I was just about to purchase tickets to the VH concert in Manchester, NH. My payment info was entered, and all that was left to do was to confirm the purchase. I had 5 minutes to complete the order. Then I remembered hearing something the other day about the VH tickets that were put up for sale for extremely high prices immediately after they went onsale, so before I completed the purchase, I did a google search and found this article.

    After reading the article, I decided to not purchase the VH tickets, even though I have wanted to see the “real” VH all my life, having only had the chance to see Sam Halen. In fact, I will not purchase tickets to VH or any other show from now on out. My disdain for their greed far outweighs my desire to see any concert.

    The only way I will buy concert tickets again is if these scumbag companies start showing some accountability to the fans: I would like to see the official ticket retailer (almost always Ticketmaster) forced to provide a real-time tally of all the tickets available for a given show, broken down by section and specific quantity, and showing to whom the tickets were sold or distributed. It would be harder for these greedy companies to continue screwing the fans if the fans could see that before tickets are even available for purchase, 80% of those tickets have already been allotted to the professional scalpers.

    Until then, screw Ticketmaster, screw the bands, screw the promoters, screw the management companies, screw the auctions, and screw the professional ticket brokers/scalpers. Screw ’em, they won’t be getting any more of my money.

  • Anonymous

    December 3, 2007 #3 Author

    I’ve seen plenty of auctions on Ticketmaster’s TicketExchange site. I saw one for Neil Young, for example, which didn’t really surprise me. Fine. Let ’em. But I’ve seen auctions for kids’ shows too like Hannah Montana and even the Doodlebops.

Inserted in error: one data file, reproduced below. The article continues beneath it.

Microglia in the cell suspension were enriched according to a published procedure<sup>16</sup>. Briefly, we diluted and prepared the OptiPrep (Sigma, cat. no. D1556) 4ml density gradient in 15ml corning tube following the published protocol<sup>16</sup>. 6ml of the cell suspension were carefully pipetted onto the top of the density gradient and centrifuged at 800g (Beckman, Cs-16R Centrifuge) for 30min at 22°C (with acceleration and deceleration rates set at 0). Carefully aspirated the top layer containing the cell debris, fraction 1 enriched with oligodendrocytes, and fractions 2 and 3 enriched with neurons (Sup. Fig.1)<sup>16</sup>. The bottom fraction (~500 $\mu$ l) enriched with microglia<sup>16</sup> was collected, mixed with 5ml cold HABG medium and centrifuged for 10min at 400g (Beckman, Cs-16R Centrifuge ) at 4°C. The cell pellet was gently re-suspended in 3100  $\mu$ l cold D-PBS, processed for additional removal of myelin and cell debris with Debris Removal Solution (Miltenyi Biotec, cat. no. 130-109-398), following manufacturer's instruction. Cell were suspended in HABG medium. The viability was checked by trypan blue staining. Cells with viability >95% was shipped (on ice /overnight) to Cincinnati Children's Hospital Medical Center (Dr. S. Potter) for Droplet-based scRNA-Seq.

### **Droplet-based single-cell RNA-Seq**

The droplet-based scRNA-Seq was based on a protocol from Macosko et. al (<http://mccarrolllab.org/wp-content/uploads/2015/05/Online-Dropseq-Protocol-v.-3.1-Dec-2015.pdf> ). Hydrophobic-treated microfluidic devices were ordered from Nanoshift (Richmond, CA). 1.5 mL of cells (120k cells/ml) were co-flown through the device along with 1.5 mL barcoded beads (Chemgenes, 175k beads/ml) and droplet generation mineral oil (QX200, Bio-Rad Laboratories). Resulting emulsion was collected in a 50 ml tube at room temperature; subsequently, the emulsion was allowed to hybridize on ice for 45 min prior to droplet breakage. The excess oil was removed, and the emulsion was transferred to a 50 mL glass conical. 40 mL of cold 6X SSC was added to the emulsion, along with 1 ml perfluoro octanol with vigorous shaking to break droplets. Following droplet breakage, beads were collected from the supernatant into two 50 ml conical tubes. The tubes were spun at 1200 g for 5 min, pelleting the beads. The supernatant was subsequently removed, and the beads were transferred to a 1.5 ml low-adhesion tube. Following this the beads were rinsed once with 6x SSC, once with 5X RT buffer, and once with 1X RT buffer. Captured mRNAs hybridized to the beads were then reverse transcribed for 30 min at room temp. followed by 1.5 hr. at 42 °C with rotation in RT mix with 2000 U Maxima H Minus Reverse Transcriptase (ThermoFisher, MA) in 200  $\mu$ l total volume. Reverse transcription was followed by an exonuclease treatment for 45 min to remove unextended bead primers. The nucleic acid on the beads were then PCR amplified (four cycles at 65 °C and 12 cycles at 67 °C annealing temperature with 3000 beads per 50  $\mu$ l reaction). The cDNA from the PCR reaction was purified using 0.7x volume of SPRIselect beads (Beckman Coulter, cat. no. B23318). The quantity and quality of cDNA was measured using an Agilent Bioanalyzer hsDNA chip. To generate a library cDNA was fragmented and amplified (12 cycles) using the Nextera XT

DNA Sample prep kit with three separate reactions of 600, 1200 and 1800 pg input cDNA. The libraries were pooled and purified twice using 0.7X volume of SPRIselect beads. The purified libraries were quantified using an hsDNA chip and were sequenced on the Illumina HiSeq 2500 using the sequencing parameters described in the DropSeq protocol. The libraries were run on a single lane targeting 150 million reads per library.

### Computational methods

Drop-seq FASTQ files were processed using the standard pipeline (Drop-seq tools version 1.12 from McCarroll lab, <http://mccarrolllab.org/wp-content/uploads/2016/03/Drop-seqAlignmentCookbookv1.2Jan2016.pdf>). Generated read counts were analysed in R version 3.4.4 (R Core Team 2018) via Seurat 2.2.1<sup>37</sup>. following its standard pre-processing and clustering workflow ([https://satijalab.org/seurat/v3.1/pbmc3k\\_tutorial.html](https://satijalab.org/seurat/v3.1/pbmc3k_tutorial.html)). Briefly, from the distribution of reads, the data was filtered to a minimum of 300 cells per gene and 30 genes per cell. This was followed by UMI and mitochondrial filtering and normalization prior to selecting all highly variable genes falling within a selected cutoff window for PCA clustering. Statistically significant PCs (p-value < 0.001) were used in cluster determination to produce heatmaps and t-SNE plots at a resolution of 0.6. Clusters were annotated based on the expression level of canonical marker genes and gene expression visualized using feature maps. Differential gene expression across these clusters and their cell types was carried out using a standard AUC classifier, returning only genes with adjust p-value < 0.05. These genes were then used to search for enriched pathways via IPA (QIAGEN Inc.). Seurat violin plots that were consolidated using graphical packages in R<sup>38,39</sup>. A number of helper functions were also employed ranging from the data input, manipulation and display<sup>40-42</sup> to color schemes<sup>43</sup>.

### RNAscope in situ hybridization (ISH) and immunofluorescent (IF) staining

If I ever want front row seats to the Wiggles for the price of a small luxury vehicle, I guess I know the first place to look.

  • Anonymous

    December 3, 2007 #4 Author

    I’d rather see it there than on a scalper website. At least the initial auction price will go to the artist rather than bobs take it in the ass ticket service.

  • Anonymous

    December 3, 2007 #5 Author

    B/c he’s not the one making the $2000 per ticket. Classic.

  • Anonymous

    December 3, 2007 #6 Author

    What ever happened to the days where the first person in line could actually have a chance at front row tickets? Premium seats were showing up on scalper sites weeks before they were on sale to the public. Yes, the public! You know the ones who buy the CD’s and shirts and posters,etc…I was on the ticketmaster site, for Van Halen tickets to the Glendale show, immediately after the tickets went on sale. The best I could do was half way back on the side for $161 dollars a piece (including the everpresent ticketmast inconvenience charge!!).

  • E

    December 3, 2007 #7 Author

    I agree completely that the broker seems to be suffering from jealousy… but in all fairness he does make a point, having tickets appear on the exchange minutes after they go on sale is very discouraging.

    Perhaps Ticketmaster could release tickets in a random order for the first hour of an on-sale or a presale… would make it harder for brokers to snap up the good ones and you would give “lucky” fans great seats… Just a thought.

  • Anonymous

    December 3, 2007 #8 Author

    i am 43 yrs ols & a svp at a small company where i live, i would never ever spend 2885.00 on a concert ticket even if jim morrison rejoined the doors. these prices are NOT WORTH IT!! same w led zeppelin.